Wednesday, 26 June 2013

Top 5 Shakespearean Villains

Shakespeare certainly knew how to write a great villain. Packing them full of contradictions and the most human of flaws, he ensured that audiences can relate to characters that might also be viewed as monsters.

One of the reasons Shakespeare’s plays remain so popular and are, in many ways, timeless is because the Bard of Avon was a master of creating fascinating, rounded characters. Among his most intriguing and enduring creations are his villains.

While many of them display some inhuman actions, they are motivated by the most human of emotions: jealousy, revenge, heartache and ambition, to name just a few. The following is a list of just some of my top five Shakespearean villains.

László Mednyánszky's 'Shylock' (c1900)

5. Shylock

The Merchant of Venice is classed as one of Shakespeare’s problem plays and Shylock’s categorisation as a villain is in itself problematic.

Sometimes seen as an evil moneylender, who is blindly intent on collecting his “pound of flesh”, Shylock can also be viewed as sympathetic character, who is the victim of anti-Semitism and is merely giving as good as he gets, “The villainy you teach me/I will execute; and it shall go hard but I will better the instruction.”(III.i)

4. Lady Macbeth

Another character who doesn’t quite fit the villain category comfortably, although I’m sure many would disagree with that analysis. I would argue that Lady Macbeth is misunderstood. It also seems unjust that the murder of Duncan is so often laid squarely at her door (or battlements).
Kate Fleetwood as Lady Macbeth and Patrick Stewart
as her husband, Macbeth (2010)

What can’t be disputed is that her ambition for her husband led her to encourage his murderous thoughts and strengthen his resolve when it wavered.

Her tough line in questioning Macbeth’s manhood, and her grisly description of bashing her baby’s head in, are just two of the facets of her character that lead many to view her as the ultimate female Shakespearean villain.

If you want to read more about my thoughts on her, take a look here.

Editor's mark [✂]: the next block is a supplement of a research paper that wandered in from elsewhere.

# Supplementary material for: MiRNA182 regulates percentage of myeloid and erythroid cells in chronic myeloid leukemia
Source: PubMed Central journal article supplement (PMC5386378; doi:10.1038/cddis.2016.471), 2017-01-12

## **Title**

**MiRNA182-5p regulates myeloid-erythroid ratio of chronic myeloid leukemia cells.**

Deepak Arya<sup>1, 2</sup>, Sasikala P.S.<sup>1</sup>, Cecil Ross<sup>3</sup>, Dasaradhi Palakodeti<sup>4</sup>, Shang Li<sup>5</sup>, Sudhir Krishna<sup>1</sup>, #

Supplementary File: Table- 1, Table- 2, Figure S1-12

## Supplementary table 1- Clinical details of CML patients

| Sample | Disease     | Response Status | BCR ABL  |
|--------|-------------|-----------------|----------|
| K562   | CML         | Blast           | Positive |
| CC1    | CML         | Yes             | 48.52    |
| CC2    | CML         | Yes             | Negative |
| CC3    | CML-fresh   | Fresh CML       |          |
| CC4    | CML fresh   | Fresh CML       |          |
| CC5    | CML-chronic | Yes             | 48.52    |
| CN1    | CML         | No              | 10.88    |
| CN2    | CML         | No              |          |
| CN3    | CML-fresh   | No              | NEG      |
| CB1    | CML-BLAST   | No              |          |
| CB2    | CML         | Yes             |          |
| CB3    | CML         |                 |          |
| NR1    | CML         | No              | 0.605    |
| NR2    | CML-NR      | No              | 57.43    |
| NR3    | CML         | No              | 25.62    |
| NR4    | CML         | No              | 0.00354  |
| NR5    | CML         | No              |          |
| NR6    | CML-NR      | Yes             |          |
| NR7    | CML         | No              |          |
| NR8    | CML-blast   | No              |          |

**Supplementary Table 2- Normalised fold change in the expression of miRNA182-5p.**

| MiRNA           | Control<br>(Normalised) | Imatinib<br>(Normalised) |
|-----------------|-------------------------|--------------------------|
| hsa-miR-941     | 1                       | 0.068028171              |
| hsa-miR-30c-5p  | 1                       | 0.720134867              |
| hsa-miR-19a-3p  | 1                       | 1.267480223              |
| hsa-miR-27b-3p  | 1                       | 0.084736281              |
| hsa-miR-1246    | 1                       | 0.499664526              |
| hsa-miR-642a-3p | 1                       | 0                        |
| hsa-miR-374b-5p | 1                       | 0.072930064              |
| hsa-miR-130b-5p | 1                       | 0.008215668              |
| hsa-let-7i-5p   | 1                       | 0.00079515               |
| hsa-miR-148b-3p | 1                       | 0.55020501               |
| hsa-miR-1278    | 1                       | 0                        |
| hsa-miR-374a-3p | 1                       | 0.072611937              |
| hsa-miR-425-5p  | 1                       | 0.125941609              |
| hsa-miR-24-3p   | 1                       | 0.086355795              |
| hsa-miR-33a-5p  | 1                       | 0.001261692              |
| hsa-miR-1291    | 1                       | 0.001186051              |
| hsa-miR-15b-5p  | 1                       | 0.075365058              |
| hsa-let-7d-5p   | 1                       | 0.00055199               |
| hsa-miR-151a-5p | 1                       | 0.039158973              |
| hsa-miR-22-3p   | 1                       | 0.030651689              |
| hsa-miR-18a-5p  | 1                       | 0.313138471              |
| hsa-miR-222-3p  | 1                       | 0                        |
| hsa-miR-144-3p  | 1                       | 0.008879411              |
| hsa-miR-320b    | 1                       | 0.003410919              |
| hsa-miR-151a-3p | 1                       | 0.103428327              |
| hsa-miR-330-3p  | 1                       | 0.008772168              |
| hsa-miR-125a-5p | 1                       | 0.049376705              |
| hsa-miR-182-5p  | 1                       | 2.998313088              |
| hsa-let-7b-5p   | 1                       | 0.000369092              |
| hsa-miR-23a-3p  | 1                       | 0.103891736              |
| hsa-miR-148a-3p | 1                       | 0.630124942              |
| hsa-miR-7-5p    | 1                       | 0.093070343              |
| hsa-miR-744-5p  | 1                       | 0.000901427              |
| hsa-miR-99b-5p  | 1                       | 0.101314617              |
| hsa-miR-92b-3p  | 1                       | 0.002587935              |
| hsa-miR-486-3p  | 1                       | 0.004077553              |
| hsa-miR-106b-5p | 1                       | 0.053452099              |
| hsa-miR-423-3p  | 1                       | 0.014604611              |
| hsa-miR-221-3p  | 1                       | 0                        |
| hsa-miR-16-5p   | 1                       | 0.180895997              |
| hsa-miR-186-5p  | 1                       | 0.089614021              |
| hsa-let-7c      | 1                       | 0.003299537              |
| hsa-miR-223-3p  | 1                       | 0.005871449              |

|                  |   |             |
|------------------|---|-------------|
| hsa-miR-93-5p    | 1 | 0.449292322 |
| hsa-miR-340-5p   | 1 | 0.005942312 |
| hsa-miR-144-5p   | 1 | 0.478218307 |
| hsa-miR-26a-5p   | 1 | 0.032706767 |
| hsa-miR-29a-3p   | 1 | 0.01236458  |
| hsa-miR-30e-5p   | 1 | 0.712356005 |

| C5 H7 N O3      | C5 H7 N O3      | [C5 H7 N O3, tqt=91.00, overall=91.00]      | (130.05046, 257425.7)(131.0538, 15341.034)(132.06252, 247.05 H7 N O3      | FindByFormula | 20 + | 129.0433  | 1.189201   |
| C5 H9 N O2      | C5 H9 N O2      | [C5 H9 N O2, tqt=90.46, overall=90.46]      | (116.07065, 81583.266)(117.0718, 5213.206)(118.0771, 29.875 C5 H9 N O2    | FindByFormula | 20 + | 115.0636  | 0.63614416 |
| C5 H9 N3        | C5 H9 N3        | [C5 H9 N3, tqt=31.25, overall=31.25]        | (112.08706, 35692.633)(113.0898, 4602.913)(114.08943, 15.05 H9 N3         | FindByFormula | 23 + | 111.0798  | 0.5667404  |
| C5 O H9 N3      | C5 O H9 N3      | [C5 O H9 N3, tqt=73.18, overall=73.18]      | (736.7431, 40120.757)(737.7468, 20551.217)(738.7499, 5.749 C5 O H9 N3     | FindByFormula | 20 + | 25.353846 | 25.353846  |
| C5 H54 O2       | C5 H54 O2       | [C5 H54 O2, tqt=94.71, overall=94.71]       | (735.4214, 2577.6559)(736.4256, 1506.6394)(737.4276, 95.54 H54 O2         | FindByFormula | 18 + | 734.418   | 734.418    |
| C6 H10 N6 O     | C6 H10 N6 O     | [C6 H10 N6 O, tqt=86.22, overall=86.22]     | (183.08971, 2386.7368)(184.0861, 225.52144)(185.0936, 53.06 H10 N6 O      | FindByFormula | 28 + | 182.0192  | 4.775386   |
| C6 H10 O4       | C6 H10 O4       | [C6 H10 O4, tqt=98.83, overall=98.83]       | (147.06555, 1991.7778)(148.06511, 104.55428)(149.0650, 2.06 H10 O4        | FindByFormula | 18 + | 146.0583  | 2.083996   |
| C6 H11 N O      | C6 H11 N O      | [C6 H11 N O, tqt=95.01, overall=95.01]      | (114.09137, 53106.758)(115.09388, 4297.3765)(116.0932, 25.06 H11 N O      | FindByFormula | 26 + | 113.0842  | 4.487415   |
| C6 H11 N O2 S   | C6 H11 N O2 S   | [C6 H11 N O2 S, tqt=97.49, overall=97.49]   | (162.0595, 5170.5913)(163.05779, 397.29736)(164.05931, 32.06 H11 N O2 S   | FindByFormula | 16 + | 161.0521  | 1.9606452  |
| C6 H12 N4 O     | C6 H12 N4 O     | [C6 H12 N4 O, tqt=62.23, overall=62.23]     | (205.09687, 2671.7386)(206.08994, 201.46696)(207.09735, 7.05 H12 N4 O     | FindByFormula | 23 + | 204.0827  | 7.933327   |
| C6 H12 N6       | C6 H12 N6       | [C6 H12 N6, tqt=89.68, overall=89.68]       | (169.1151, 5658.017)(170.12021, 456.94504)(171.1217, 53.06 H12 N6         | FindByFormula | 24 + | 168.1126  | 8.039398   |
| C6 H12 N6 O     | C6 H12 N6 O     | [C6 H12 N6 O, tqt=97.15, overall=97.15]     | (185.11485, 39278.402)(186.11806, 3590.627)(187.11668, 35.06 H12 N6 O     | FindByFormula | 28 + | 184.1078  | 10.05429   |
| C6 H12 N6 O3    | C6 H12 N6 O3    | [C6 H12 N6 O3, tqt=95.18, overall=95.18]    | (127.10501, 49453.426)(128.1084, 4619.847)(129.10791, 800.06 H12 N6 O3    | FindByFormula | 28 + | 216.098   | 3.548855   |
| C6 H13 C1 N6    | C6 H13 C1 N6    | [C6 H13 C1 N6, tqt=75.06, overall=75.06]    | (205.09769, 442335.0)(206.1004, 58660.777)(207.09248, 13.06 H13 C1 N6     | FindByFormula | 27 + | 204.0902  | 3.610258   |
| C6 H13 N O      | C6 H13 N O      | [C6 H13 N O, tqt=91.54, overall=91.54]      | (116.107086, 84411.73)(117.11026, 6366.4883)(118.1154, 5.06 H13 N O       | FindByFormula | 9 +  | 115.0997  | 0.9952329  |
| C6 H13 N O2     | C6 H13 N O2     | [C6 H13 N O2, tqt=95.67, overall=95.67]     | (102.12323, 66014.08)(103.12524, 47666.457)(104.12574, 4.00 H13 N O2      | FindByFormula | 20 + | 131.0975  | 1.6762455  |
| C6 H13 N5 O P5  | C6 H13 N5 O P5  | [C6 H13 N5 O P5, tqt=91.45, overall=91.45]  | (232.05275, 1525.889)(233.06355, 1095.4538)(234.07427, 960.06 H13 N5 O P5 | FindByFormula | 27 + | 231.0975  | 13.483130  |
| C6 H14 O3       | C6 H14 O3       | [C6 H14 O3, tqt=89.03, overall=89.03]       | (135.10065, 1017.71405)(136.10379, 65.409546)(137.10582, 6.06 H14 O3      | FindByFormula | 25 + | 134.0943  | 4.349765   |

3. Edmund

Edmund convincing Edgar that he needs to
avoid their father.
Further female villainy can be found in King Lear. However, it is the manipulative, scheming and almost entirely remorseless Edmund who is arguably the real villain of the piece.

His intelligence and talents for smooth-talking allow him to wreak havoc.

He lies to his father and suggests that his half-brother Edgar is plotting against him.

Later, he shows little care when his father is blinded by Regan’s husband, Cornwall.

If that weren’t enough, he engages in an affair with Goneril and Regan (both of whom are married), driving Goneril to murderous jealousy.

2. Richard III

Alas, Richard never did find that horse
Shakespeare's infamous king is perhaps best known for his, “Now is the winter of our discontent” speech and for being prepared to give everything he owned in exchange for a horse.

His villainy is predominantly caused by bitterness; he is hunchbacked and ugly, and promises that if he, “…cannot prove a lover, To entertain these fair well-spoken days, I am determined to prove a villain And hate the idle pleasures of these days.”(I.i)

And prove himself a villain he does; he has his brother killed, locks his nephews in the Tower of London (later having them knocked off, too), and beheads anyone who disagrees with him or gets in his way.

Incidentally, he does actually prove a lover as well, with the inexplicable wooing of Anne, widow of Lancastrian Prince of Wales, Edward, who was also killed by Richard. “Was ever woman in this humour wooed?/Was ever woman in this humour won?”(I.ii) Indeed!

1. Iago

Is Iago the very best Shakespearean villain?
In terms of physical violence, Iago’s hands are relatively clean, certainly much cleaner than Richard’s. However, in terms of manipulation, scheming and Machiavellian ambition, Iago has got to rank as Shakespeare’s best villain.

It is his talent for garnering trust, especially the trust of Othello, which makes him such an effective villain.

When the man you’re plotting to destroy refers to you as, “honest Iago,” you can be fairly certain you’ve got him right where you want him.

An audience is lead to believe that Iago is motivated by jealousy - he certainly considers himself worthy of far loftier heights than he’s been offered. However, when it comes to explaining his villainy, he is not terribly forthcoming, “…what you know, you know.” (V.ii) And this makes him all the more intriguing.

Do you agree with my top five? Is one of your favourite Shakespearean villains missing from the list? Let me know in the comments below.